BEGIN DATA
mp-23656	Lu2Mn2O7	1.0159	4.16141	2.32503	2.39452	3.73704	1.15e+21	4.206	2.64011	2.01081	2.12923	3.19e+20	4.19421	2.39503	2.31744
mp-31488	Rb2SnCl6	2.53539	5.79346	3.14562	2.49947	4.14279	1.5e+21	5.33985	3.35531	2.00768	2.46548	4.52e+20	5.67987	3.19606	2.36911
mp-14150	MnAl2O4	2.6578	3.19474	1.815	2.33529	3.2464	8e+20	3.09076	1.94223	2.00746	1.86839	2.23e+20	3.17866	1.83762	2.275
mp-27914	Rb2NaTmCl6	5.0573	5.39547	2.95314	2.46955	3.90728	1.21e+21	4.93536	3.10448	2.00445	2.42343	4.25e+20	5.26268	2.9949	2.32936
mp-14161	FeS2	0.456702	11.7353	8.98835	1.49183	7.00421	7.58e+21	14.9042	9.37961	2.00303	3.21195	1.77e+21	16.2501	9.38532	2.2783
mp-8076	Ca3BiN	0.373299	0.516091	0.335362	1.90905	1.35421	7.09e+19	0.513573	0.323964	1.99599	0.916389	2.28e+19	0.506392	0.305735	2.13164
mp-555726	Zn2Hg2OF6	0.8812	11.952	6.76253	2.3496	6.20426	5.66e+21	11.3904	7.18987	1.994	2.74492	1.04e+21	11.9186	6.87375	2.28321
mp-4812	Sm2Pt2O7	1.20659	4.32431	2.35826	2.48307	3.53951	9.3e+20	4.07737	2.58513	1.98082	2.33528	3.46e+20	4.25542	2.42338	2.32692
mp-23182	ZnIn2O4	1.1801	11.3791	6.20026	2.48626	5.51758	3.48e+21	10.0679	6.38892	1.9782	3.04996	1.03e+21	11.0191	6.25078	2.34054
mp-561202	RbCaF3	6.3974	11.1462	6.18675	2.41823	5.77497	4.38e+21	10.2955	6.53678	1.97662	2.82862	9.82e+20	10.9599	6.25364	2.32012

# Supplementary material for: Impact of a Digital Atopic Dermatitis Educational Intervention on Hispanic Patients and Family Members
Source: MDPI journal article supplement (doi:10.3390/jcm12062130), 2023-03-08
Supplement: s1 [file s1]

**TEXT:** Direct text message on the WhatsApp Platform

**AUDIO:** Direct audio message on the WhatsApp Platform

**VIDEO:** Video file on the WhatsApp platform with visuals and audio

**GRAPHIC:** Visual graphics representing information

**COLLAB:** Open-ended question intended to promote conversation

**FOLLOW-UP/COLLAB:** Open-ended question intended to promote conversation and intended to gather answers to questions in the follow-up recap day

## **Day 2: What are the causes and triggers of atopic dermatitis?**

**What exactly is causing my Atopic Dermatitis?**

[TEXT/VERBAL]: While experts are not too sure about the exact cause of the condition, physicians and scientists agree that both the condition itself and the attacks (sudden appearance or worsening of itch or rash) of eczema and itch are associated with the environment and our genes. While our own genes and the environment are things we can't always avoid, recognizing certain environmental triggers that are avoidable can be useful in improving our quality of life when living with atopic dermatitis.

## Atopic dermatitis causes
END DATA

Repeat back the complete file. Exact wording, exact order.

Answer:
mp-23656	Lu2Mn2O7	1.0159	4.16141	2.32503	2.39452	3.73704	1.15e+21	4.206	2.64011	2.01081	2.12923	3.19e+20	4.19421	2.39503	2.31744
mp-31488	Rb2SnCl6	2.53539	5.79346	3.14562	2.49947	4.14279	1.5e+21	5.33985	3.35531	2.00768	2.46548	4.52e+20	5.67987	3.19606	2.36911
mp-14150	MnAl2O4	2.6578	3.19474	1.815	2.33529	3.2464	8e+20	3.09076	1.94223	2.00746	1.86839	2.23e+20	3.17866	1.83762	2.275
mp-27914	Rb2NaTmCl6	5.0573	5.39547	2.95314	2.46955	3.90728	1.21e+21	4.93536	3.10448	2.00445	2.42343	4.25e+20	5.26268	2.9949	2.32936
mp-14161	FeS2	0.456702	11.7353	8.98835	1.49183	7.00421	7.58e+21	14.9042	9.37961	2.00303	3.21195	1.77e+21	16.2501	9.38532	2.2783
mp-8076	Ca3BiN	0.373299	0.516091	0.335362	1.90905	1.35421	7.09e+19	0.513573	0.323964	1.99599	0.916389	2.28e+19	0.506392	0.305735	2.13164
mp-555726	Zn2Hg2OF6	0.8812	11.952	6.76253	2.3496	6.20426	5.66e+21	11.3904	7.18987	1.994	2.74492	1.04e+21	11.9186	6.87375	2.28321
mp-4812	Sm2Pt2O7	1.20659	4.32431	2.35826	2.48307	3.53951	9.3e+20	4.07737	2.58513	1.98082	2.33528	3.46e+20	4.25542	2.42338	2.32692
mp-23182	ZnIn2O4	1.1801	11.3791	6.20026	2.48626	5.51758	3.48e+21	10.0679	6.38892	1.9782	3.04996	1.03e+21	11.0191	6.25078	2.34054
mp-561202	RbCaF3	6.3974	11.1462	6.18675	2.41823	5.77497	4.38e+21	10.2955	6.53678	1.97662	2.82862	9.82e+20	10.9599	6.25364	2.32012

# Supplementary material for: Impact of a Digital Atopic Dermatitis Educational Intervention on Hispanic Patients and Family Members
Source: MDPI journal article supplement (doi:10.3390/jcm12062130), 2023-03-08
Supplement: s1 [file s1]

**TEXT:** Direct text message on the WhatsApp Platform

**AUDIO:** Direct audio message on the WhatsApp Platform

**VIDEO:** Video file on the WhatsApp platform with visuals and audio

**GRAPHIC:** Visual graphics representing information

**COLLAB:** Open-ended question intended to promote conversation

**FOLLOW-UP/COLLAB:** Open-ended question intended to promote conversation and intended to gather answers to questions in the follow-up recap day

## **Day 2: What are the causes and triggers of atopic dermatitis?**

**What exactly is causing my Atopic Dermatitis?**

[TEXT/VERBAL]: While experts are not too sure about the exact cause of the condition, physicians and scientists agree that both the condition itself and the attacks (sudden appearance or worsening of itch or rash) of eczema and itch are associated with the environment and our genes. While our own genes and the environment are things we can't always avoid, recognizing certain environmental triggers that are avoidable can be useful in improving our quality of life when living with atopic dermatitis.

## Atopic dermatitis causes